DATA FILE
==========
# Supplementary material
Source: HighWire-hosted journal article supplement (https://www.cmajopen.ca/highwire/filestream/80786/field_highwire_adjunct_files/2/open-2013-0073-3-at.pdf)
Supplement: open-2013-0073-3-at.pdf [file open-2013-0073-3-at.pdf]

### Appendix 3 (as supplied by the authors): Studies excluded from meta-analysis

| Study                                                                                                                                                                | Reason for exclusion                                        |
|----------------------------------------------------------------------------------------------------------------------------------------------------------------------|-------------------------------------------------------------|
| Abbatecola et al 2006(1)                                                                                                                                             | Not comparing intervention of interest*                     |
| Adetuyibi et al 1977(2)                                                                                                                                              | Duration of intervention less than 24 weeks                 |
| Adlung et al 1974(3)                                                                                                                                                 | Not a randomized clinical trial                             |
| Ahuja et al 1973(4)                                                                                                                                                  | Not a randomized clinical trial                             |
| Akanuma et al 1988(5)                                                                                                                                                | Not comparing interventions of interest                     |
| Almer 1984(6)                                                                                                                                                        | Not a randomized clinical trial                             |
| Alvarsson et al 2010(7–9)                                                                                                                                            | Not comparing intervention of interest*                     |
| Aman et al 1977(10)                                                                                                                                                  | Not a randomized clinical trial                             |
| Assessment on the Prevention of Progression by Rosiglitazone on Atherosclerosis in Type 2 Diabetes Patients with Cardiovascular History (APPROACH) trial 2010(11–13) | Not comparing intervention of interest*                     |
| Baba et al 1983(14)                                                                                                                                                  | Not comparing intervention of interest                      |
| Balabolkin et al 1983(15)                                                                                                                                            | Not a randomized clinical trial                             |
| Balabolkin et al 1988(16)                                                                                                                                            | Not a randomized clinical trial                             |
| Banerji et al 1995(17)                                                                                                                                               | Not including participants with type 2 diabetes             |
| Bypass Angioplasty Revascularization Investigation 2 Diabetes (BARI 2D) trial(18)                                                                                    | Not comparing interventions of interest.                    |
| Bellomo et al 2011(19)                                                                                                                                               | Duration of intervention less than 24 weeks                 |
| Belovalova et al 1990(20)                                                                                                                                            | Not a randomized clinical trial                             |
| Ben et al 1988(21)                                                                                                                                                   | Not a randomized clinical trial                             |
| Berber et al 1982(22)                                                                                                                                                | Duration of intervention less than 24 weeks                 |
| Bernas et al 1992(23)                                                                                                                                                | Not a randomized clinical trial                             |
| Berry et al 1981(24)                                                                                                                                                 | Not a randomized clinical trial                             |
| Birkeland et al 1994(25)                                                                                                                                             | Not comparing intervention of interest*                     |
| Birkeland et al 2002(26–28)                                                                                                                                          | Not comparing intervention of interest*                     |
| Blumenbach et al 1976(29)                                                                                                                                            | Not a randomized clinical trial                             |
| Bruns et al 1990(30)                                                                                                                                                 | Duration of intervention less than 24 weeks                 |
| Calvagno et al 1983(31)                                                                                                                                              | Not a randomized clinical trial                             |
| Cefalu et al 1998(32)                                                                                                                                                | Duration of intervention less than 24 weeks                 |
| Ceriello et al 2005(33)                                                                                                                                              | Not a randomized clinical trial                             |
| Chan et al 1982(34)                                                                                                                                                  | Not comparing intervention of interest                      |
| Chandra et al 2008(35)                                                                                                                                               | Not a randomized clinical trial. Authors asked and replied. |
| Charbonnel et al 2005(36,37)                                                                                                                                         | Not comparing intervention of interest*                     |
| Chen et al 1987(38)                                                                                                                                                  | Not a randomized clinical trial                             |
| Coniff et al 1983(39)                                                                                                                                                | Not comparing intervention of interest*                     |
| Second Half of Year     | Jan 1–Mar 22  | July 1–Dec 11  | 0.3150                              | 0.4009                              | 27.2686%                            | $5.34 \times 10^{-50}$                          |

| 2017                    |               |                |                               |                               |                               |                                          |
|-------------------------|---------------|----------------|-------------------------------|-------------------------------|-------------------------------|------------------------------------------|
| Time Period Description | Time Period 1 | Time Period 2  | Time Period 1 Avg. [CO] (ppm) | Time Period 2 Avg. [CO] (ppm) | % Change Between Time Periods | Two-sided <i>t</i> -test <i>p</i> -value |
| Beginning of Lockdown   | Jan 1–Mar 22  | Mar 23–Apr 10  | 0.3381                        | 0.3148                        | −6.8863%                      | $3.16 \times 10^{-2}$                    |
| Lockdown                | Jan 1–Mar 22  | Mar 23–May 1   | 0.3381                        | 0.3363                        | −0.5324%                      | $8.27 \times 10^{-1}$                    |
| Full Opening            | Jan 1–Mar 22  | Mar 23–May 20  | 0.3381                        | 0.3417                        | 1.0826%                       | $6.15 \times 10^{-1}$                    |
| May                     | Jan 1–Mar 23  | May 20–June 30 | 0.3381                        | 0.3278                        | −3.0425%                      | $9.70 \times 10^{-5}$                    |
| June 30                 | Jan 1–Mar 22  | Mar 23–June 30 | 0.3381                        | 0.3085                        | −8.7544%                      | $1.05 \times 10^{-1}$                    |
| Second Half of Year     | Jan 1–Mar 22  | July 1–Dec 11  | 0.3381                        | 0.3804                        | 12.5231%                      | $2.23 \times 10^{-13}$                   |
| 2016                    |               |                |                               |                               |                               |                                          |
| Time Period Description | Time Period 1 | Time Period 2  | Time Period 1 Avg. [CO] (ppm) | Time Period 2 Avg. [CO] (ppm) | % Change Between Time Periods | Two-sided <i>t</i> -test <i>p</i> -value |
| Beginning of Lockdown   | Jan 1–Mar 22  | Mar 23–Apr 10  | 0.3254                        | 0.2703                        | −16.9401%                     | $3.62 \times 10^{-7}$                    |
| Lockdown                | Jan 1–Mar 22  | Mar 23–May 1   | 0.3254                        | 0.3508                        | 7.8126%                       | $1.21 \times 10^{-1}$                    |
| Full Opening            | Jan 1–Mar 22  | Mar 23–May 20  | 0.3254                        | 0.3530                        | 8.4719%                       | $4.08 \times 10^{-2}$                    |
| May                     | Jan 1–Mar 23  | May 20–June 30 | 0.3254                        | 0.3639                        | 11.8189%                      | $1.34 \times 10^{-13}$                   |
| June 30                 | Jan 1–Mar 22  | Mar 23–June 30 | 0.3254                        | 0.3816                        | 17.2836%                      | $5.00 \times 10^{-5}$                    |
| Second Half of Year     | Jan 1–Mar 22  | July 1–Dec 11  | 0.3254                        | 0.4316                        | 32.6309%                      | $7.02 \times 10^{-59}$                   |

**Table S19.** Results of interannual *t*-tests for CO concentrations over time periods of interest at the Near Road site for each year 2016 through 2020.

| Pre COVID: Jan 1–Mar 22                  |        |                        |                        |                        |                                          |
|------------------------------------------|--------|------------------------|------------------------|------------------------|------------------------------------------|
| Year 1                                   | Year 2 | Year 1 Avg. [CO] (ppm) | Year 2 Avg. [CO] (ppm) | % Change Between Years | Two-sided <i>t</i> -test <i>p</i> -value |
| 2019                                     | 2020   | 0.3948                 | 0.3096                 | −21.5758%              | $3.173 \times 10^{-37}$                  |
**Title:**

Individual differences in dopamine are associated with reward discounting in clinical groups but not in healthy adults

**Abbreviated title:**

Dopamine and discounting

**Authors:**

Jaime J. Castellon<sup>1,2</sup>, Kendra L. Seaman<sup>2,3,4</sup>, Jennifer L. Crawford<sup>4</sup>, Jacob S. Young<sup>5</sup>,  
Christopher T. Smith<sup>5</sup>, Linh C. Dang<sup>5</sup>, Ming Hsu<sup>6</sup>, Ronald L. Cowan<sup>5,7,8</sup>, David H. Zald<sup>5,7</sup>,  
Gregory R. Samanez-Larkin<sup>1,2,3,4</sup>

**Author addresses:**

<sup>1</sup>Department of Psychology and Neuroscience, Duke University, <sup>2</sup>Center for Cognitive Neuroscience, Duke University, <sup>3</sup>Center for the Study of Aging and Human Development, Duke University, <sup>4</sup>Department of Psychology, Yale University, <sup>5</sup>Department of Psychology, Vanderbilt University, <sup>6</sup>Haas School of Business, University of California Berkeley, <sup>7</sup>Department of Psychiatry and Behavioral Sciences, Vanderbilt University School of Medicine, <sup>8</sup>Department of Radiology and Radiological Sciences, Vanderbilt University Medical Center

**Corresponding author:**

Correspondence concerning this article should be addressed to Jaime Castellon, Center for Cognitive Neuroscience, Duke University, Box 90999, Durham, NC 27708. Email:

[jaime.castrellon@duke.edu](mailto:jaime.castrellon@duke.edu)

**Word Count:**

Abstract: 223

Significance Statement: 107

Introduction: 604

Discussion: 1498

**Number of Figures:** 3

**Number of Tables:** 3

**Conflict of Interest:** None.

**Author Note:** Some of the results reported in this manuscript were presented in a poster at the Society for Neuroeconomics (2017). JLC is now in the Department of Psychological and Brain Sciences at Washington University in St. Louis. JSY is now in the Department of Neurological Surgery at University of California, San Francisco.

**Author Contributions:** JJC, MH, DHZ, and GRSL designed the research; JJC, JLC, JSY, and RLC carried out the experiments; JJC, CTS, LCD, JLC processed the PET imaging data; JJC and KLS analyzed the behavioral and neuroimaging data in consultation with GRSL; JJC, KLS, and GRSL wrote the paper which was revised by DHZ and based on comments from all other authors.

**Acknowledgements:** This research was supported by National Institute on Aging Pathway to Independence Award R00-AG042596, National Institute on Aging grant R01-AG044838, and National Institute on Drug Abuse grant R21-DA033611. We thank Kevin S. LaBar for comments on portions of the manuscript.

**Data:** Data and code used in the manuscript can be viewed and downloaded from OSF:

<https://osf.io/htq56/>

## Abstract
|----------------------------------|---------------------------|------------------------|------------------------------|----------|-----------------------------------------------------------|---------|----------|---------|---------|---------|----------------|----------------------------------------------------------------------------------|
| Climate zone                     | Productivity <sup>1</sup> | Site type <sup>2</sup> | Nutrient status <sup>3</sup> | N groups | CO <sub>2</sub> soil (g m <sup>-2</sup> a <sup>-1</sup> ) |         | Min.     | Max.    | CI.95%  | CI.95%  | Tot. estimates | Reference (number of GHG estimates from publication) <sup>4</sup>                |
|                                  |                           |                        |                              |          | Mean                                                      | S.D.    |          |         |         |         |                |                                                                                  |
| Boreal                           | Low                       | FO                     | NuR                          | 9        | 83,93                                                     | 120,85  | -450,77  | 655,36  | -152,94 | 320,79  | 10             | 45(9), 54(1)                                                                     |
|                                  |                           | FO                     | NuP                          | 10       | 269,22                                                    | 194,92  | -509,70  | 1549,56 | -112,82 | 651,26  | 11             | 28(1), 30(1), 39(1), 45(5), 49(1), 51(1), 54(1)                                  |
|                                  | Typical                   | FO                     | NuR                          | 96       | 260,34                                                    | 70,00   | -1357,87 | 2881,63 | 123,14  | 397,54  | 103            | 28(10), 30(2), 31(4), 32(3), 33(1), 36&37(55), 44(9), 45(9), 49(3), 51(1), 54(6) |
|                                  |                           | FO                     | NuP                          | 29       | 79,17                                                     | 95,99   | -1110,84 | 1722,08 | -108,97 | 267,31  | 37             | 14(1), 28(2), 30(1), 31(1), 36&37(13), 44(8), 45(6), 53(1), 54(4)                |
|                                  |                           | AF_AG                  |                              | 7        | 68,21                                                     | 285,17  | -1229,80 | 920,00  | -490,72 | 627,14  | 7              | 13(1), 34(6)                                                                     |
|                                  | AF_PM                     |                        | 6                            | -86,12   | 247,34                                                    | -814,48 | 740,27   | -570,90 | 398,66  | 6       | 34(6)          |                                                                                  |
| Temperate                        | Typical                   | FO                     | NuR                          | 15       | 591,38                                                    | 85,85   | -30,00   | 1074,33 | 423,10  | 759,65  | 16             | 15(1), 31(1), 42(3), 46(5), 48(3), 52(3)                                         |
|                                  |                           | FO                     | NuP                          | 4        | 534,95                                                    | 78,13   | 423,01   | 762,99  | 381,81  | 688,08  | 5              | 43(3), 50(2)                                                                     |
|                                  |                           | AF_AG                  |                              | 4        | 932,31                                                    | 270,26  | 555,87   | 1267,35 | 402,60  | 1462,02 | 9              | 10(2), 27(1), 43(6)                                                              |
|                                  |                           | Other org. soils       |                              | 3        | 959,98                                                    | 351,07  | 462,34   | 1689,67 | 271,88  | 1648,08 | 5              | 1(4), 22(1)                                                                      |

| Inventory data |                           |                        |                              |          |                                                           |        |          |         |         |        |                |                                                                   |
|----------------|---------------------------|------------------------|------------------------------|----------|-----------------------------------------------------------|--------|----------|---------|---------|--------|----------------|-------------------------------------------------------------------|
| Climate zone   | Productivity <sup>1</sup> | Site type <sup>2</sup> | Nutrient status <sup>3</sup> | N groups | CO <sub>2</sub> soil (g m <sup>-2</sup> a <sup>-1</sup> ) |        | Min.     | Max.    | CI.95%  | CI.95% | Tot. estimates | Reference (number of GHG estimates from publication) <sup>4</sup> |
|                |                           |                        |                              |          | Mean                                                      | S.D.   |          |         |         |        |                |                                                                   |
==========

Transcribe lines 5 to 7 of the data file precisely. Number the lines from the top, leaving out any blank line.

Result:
| Study                                                                                                                                                                | Reason for exclusion                                        |
|----------------------------------------------------------------------------------------------------------------------------------------------------------------------|-------------------------------------------------------------|
| Abbatecola et al 2006(1)                                                                                                                                             | Not comparing intervention of interest*                     |